It's no surprise that I have such affection for Classic Claremont Quiet issues because, like issue #4, that's essentially what this is, an issue which introduces Bishop to the Blue team (and anyone reading only this title), showcases some character interactions and relationships (Storm & Forge, Cyclops/Jean/Psylocke, Rogue & Gambit) and one of the series' ongoing subplots (the X-traitor), then sets up the next plot while also serving up a pretty big slice of backstory for the long-mysterious Gambit. I do my best to not hold against this issue that said backstory is a lot of nonsense, and will come to drag down the character with some pretty terrible stories, and it could very easily be argued that Bishop has reached a point of overexposure already, having received two consecutive spotlight issues in Uncanny before being featured heavily in this issue, but his interactions with (and commentary on) the X-Men here is entertaining enough to forgive that (after all, what's the point of having a time travel character if he can't provide analysis and make cryptic comments about other characters' futures?).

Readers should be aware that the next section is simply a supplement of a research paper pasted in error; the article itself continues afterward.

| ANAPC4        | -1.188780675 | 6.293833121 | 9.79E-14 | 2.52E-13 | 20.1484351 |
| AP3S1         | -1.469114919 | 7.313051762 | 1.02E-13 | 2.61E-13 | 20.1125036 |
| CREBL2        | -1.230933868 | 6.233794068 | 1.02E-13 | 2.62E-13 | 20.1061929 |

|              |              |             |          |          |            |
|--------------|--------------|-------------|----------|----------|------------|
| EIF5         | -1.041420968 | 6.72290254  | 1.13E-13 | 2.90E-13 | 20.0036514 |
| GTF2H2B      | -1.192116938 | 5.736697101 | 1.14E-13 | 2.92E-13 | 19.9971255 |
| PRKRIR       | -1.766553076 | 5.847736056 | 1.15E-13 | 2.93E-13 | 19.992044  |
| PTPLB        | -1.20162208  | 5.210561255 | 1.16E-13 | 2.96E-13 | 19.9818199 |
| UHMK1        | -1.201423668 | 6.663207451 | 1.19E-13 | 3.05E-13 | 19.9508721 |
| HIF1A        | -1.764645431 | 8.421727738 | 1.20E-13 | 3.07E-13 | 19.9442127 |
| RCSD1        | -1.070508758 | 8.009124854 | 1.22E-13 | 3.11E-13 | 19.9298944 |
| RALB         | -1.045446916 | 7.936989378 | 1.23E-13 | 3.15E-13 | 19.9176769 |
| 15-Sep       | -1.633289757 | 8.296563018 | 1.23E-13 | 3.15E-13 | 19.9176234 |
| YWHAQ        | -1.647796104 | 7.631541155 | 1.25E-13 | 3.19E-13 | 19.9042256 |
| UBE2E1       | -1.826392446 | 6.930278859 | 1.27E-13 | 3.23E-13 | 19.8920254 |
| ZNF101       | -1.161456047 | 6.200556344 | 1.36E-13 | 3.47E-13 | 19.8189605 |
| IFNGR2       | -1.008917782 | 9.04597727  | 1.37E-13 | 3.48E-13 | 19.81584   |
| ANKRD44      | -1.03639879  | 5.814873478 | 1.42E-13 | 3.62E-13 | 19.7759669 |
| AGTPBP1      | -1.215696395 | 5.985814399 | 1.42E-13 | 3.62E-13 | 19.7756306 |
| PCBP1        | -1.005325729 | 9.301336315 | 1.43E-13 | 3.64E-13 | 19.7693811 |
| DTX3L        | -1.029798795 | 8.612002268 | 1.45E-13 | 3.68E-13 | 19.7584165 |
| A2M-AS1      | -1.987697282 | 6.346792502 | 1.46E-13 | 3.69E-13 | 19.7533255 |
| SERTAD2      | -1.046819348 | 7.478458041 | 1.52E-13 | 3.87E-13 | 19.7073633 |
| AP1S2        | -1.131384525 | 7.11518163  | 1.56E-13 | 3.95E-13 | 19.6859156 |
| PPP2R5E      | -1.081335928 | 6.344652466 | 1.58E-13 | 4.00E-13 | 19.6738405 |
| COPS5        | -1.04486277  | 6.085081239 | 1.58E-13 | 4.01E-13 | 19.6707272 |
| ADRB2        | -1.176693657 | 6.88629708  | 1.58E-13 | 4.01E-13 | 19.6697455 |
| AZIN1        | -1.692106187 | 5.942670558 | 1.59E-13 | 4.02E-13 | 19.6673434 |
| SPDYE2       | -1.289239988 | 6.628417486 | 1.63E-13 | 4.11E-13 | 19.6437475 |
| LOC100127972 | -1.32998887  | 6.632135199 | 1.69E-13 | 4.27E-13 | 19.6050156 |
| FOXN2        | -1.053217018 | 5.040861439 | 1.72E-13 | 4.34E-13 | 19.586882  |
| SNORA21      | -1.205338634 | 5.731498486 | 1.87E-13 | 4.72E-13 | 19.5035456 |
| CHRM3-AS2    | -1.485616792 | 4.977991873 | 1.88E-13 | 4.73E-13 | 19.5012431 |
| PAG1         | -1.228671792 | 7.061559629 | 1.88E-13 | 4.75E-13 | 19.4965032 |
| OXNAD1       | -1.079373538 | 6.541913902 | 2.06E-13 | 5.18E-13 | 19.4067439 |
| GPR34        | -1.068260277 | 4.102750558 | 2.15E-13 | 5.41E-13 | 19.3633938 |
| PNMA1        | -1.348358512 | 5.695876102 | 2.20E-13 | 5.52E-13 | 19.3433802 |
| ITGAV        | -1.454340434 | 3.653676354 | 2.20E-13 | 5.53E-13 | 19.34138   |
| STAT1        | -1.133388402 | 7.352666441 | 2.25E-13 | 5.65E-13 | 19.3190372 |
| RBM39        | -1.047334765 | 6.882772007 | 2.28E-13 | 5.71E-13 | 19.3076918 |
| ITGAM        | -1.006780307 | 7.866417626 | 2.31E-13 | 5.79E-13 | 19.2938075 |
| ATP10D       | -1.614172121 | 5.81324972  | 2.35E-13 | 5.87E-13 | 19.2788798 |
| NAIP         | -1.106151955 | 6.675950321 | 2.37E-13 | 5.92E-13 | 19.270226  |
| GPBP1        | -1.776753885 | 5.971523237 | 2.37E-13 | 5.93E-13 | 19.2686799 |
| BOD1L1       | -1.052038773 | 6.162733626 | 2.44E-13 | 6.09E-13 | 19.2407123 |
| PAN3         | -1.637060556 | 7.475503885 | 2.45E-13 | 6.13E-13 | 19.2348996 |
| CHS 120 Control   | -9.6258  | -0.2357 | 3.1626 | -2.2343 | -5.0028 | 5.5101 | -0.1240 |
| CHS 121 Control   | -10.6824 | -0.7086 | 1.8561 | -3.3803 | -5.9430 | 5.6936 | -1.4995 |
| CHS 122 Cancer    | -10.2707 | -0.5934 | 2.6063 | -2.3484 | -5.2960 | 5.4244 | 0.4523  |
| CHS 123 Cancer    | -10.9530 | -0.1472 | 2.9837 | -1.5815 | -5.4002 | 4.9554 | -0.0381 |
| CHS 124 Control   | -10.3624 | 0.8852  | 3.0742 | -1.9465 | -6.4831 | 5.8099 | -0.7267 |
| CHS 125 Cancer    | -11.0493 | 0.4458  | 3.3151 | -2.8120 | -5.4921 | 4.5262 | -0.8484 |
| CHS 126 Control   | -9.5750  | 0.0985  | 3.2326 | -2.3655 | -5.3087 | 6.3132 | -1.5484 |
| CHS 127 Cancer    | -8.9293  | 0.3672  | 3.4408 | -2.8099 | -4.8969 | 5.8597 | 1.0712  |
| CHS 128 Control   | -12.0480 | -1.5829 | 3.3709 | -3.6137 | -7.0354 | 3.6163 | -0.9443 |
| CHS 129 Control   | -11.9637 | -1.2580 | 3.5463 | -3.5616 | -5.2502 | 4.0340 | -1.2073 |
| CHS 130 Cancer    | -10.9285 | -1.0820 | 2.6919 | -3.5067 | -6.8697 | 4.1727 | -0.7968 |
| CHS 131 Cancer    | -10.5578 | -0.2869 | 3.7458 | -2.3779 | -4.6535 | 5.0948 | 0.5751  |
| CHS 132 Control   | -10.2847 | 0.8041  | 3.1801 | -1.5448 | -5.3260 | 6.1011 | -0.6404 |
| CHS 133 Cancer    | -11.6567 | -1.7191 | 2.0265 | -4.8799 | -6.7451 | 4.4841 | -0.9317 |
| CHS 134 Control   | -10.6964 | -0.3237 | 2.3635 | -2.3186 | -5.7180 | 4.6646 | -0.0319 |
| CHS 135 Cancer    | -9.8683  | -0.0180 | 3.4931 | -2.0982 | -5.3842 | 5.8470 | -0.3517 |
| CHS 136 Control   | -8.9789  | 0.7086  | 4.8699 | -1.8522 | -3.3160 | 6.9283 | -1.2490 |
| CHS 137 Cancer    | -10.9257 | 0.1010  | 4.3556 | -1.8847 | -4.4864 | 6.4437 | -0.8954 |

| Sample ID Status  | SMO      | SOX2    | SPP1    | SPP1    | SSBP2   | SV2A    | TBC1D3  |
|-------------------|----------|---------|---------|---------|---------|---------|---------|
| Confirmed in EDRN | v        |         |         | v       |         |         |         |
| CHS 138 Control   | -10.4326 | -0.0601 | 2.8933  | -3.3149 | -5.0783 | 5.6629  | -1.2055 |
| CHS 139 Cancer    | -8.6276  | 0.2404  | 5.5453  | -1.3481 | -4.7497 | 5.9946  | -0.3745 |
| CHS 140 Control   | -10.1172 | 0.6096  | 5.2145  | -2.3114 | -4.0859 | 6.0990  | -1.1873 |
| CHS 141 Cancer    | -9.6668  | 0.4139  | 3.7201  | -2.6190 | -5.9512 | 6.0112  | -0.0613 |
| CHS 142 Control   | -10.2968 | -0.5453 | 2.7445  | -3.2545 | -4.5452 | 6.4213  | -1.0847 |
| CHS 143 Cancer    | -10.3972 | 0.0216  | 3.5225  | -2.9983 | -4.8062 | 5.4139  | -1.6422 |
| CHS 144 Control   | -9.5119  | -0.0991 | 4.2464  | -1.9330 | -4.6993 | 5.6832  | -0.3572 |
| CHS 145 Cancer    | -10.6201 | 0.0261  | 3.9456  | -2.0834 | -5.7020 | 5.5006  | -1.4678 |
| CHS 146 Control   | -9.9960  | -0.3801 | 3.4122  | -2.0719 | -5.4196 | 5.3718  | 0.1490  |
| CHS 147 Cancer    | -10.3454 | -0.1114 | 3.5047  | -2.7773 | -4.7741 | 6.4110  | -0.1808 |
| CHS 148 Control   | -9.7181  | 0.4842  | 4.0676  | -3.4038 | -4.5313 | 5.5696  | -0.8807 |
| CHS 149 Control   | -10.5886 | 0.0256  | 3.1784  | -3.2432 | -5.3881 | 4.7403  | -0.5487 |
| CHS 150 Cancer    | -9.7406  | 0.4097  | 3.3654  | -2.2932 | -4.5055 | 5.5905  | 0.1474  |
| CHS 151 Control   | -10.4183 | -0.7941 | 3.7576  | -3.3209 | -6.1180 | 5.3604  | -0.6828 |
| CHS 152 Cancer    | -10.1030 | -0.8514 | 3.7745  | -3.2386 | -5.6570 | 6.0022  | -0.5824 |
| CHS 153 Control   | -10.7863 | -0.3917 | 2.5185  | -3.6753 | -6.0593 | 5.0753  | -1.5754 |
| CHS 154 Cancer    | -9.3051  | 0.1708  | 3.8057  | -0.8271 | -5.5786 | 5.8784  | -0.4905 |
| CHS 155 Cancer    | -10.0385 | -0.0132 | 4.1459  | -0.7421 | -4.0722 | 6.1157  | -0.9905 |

Objectively, this is a perfectly fine but ultimately throwaway issue that does some fun stuff with Bishop and sets up a fluffy crossover with Ghost Rider, along with some quiet character moments (and, admittedly, more than a little T&A along the way), but in the grand scheme of the X-Men narrative, it's largely forgettable and mostly unimportant. Nevertheless, for me at least, reaching this point is a milestone, something I've been looking forward to for a long time.
Now on to the next!
Tomorrow, Phoenix battles Necrom in Excalibur #50. Friday, Wolverine goes to Japan in Wolverine #54. Next week, Uncanny X-Men #289.